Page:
From buying the rings to asking permission from her dad: Proposals are changing
03 Feb 2016
Are you a firm believer in marriage traditions? Or do you hold more contemporary beliefs when it comes to tying the knot?
Research from vintage jewellery specialists William May shows some of the oldest marriage proposal traditions are being left behind as couples take a more practical approach to getting engaged.
Surveying more than 5,000 people, the company asked the following questions:
• Do women still want to be surprised with an engagement ring?
• Would a woman wear a ring she wasn’t happy with?
• Would a man exchange a ring if their partner wasn’t happy with it?
• Do men still ask for the father’s permission before proposing?
The results showed:
• With many couples discussing the question long before it’s popped, the conventional element of surprise seems to be drifting out of fashion. Only 1 in 3 women we asked would rather not have any input when their partner chooses the ring, allowing them to surprise them out of the blue.
• However, 42 per cent of women would wear an engagement ring they weren’t completely happy with. Perhaps they simply didn’t hint hard enough…
• The fact that so many women would spend the rest of their life wearing something they don’t like is baffling, especially when you consider that 74 per cent of men we spoke to would be happy to exchange the ring.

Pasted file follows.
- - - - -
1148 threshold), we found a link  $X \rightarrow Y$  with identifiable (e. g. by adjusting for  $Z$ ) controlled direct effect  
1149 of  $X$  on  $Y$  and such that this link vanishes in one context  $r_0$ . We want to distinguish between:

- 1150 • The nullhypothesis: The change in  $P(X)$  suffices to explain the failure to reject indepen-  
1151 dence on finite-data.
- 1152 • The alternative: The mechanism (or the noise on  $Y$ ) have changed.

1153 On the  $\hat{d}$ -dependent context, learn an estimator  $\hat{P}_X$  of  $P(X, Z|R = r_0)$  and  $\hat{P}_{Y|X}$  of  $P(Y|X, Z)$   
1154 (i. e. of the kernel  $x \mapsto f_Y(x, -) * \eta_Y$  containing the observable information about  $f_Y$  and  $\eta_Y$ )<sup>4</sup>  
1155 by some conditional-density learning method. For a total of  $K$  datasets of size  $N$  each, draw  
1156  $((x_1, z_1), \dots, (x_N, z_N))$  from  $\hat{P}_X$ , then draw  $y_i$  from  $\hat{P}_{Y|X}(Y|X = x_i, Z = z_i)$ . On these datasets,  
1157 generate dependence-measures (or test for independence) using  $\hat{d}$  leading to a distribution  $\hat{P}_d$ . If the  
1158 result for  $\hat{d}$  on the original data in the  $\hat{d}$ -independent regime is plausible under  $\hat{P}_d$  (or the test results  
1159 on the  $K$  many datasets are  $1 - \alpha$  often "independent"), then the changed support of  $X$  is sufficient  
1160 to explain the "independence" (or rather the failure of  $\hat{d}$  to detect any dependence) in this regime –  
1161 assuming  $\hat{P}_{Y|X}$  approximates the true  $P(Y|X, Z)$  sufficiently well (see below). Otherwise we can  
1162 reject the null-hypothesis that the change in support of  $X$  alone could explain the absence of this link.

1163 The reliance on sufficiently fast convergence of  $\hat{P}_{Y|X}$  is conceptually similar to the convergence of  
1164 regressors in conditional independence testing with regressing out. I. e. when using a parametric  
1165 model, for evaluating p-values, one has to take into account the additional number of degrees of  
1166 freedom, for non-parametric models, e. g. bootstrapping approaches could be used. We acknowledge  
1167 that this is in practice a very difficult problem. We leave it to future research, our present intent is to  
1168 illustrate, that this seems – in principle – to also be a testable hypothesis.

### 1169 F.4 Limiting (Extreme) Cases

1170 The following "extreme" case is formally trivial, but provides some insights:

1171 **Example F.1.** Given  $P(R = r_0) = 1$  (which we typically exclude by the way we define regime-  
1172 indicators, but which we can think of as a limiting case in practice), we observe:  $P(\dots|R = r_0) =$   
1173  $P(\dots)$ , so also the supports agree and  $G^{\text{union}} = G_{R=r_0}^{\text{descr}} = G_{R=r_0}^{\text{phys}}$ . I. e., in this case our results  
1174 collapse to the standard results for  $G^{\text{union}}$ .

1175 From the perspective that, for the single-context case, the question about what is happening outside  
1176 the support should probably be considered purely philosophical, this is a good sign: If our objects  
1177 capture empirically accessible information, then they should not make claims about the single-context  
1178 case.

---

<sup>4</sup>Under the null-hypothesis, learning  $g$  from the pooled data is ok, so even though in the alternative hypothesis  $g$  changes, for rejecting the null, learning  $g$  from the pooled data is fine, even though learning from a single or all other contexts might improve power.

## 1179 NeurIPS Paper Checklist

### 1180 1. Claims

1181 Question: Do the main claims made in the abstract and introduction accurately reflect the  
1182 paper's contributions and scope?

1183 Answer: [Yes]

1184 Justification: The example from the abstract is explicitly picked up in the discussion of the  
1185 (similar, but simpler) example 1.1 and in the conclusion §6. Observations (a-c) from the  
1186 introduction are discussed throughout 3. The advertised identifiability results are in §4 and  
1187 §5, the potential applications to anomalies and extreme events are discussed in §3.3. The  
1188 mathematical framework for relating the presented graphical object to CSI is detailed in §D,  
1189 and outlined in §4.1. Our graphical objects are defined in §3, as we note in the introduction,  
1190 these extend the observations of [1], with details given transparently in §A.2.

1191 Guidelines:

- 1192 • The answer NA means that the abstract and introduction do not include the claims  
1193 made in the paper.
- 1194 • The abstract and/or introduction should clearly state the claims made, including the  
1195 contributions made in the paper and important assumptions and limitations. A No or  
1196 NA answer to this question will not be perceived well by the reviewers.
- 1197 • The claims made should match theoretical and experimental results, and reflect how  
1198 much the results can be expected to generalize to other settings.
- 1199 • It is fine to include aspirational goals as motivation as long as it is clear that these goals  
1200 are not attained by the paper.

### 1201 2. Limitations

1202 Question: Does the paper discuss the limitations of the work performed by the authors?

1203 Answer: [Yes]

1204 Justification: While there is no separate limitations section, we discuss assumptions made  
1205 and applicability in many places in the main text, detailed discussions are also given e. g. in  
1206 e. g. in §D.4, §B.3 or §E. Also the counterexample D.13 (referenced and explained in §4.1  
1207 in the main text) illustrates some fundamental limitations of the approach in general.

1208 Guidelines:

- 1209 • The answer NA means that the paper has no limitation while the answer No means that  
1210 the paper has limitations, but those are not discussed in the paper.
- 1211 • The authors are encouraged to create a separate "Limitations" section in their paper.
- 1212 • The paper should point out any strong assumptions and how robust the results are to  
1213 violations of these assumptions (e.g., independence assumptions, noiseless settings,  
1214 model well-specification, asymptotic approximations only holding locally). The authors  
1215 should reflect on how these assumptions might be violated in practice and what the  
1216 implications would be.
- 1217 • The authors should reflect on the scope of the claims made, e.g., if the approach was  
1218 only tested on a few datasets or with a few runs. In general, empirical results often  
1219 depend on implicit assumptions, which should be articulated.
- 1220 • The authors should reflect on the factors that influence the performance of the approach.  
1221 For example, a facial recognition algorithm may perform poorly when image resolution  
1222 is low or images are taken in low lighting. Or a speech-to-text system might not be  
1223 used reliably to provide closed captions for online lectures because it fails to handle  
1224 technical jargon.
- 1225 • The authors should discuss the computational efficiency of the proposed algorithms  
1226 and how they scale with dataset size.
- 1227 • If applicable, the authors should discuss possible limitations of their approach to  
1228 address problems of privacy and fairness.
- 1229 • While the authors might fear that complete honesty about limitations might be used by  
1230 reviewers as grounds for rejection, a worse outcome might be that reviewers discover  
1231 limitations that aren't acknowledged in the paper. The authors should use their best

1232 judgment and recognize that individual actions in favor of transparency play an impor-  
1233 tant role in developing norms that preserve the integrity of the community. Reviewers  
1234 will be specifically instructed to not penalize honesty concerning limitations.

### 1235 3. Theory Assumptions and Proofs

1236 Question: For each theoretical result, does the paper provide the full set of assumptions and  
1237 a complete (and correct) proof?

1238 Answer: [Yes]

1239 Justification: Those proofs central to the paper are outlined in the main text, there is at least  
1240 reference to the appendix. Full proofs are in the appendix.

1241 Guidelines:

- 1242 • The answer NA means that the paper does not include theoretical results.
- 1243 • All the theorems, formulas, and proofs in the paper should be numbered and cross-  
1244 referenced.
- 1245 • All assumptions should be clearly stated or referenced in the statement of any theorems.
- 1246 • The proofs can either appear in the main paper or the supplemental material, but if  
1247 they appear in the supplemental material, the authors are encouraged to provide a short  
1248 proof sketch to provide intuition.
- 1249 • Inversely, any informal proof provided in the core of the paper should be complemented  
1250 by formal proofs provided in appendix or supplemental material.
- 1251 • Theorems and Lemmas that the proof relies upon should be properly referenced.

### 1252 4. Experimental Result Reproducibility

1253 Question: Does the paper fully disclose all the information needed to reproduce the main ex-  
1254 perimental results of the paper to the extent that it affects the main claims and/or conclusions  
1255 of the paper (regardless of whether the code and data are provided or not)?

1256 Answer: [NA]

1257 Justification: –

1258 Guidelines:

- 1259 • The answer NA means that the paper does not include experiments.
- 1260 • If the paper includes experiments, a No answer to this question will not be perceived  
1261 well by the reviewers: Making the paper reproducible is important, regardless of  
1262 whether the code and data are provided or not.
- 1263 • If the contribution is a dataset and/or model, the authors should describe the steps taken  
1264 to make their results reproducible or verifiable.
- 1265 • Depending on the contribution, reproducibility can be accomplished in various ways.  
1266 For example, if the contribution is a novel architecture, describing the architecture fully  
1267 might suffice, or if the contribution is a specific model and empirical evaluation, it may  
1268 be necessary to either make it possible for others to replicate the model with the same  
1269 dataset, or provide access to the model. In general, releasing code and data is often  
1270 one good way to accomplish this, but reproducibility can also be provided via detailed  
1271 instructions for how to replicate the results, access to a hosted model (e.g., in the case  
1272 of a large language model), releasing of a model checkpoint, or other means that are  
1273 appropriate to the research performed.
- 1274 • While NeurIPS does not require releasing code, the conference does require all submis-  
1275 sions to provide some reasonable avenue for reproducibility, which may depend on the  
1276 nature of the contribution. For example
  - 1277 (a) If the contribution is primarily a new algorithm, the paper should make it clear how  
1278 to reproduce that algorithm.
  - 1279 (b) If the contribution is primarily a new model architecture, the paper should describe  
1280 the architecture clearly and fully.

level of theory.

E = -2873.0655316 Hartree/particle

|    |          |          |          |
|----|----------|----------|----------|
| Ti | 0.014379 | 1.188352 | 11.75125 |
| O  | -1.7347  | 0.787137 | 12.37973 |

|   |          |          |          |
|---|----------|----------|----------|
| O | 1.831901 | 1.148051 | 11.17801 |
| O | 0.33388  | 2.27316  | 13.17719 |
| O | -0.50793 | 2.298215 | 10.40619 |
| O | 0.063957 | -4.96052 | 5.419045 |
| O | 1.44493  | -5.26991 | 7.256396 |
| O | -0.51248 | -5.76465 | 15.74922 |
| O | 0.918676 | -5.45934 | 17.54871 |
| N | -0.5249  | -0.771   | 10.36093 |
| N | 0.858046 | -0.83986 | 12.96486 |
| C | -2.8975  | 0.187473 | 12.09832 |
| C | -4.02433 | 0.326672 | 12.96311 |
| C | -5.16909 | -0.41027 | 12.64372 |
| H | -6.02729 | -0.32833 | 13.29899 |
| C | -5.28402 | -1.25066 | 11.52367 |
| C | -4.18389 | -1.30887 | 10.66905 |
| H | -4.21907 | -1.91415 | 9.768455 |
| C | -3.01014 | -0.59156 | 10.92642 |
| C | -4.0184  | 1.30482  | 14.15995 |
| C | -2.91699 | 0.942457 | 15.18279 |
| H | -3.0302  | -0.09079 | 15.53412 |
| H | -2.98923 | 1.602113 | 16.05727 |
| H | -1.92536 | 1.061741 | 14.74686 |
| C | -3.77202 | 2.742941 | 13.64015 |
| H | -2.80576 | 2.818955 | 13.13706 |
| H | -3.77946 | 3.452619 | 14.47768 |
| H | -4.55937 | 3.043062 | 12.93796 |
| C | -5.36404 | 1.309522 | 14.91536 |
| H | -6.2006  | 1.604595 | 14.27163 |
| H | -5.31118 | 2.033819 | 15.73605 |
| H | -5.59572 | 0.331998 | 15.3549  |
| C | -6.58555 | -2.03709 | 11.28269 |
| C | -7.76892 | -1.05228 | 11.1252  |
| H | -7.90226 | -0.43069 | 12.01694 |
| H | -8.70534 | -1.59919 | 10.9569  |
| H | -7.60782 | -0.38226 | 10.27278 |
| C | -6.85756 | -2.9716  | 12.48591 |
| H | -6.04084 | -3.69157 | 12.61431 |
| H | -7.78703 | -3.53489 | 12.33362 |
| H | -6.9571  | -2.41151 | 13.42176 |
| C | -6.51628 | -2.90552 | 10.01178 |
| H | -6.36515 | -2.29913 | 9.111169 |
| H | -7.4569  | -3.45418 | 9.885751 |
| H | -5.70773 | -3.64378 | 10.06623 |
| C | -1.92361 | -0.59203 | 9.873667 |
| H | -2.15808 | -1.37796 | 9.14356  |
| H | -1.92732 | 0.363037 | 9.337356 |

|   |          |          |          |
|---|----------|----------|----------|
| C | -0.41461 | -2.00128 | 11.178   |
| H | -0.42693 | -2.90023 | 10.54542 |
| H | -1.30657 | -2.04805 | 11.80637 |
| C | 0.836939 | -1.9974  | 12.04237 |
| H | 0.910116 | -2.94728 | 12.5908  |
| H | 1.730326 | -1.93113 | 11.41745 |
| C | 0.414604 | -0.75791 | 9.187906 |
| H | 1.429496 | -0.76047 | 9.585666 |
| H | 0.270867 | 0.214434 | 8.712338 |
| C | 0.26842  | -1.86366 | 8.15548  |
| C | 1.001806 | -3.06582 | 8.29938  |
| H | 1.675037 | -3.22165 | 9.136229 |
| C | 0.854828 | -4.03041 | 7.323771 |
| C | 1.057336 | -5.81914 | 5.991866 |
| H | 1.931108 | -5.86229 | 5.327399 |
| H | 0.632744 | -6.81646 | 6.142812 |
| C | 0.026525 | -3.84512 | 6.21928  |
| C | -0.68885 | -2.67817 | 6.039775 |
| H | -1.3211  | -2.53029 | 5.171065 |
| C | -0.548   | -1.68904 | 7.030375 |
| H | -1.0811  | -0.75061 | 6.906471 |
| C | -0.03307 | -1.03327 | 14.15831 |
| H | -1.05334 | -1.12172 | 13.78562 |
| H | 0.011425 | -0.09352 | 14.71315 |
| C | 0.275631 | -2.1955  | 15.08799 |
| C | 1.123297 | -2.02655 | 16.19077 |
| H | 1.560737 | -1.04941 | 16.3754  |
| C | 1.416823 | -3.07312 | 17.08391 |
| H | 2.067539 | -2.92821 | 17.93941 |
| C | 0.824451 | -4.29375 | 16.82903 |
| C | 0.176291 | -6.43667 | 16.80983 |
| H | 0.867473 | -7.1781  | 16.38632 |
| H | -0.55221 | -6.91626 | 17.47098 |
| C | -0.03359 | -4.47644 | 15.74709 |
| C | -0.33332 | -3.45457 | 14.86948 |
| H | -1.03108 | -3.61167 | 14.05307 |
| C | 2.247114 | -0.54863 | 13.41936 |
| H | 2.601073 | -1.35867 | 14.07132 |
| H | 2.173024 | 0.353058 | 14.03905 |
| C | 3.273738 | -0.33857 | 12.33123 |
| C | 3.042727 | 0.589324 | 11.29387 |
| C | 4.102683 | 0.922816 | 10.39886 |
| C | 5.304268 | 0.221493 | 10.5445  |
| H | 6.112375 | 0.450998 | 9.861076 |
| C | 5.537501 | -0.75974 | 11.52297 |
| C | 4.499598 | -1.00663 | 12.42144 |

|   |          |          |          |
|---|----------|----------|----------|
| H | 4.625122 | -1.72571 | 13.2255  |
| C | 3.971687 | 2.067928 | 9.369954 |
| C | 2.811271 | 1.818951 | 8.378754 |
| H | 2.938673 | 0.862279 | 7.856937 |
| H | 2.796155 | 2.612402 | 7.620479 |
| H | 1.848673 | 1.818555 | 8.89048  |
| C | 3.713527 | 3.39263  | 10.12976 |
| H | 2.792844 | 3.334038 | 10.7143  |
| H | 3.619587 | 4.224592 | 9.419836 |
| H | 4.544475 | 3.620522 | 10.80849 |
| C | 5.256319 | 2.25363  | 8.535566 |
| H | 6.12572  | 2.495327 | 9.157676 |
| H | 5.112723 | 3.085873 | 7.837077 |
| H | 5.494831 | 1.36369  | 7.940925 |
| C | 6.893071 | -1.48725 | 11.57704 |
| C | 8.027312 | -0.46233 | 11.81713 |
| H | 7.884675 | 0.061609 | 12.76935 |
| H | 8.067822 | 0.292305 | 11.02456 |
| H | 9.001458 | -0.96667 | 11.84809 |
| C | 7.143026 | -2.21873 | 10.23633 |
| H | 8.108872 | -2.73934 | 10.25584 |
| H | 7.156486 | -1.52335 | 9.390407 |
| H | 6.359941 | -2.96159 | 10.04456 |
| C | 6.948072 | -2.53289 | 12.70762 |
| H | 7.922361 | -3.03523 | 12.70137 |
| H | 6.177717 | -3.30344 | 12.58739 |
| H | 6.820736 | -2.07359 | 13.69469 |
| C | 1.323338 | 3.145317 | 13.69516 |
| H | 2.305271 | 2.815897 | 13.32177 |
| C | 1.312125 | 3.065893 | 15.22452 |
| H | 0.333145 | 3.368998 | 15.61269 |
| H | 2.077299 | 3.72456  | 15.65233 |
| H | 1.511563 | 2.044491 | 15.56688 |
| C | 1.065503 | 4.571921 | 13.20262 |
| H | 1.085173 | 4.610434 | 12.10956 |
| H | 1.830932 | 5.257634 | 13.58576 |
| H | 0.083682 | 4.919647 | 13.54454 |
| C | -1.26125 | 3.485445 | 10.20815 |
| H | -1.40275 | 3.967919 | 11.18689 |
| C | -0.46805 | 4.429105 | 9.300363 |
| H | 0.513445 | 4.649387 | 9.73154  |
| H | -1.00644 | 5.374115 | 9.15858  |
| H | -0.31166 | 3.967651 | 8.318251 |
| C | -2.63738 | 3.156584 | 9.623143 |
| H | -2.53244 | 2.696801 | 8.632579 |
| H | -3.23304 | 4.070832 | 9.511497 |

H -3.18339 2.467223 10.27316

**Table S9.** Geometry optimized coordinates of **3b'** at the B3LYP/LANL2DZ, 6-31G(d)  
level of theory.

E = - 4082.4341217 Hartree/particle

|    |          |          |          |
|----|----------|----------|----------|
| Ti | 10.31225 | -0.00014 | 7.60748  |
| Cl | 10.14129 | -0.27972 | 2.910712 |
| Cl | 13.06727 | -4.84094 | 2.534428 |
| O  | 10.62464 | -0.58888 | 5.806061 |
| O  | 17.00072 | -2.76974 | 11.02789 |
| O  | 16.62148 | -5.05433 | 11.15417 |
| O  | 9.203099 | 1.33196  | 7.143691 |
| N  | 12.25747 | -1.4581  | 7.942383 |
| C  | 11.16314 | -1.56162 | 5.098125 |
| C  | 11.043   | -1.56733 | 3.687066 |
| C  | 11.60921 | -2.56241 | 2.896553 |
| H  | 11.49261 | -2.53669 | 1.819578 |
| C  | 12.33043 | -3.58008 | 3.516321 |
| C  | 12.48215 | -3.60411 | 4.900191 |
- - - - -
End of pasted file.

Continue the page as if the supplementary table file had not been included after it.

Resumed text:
Nick Withington, managing director at William May, says communication is a key component of a perfect marriage proposal: “It seems that tradition can often hold up the process of your perfect proposal. Being practical doesn’t ruin the magic and these days it’s totally normal for couples to go shopping for a ring together.
“Just because your future fiancée knows she’s getting a ring doesn’t mean that she knows when or where you will pop the question. You can still add that element of surprise with a perfectly planned moment together.”
So is anyone keeping up with tradition at all?
William May found that it’s actually the younger generation who tend to stick to convention, 36 per cent of 25 to 34-year-olds asked their partner’s father for his blessing before getting engaged. This is possibly one of the oldest traditions surrounding those four little words, yet many of us would assume it belongs in the past. However, these findings showed that the older generations are far less likely to follow this old-fashioned protocol, so what could have caused this tradition to re-emerge among younger men?
Times certainly have changed when it comes to marriage proposal traditions, and this handy infographic features a breakdown of all the statistics.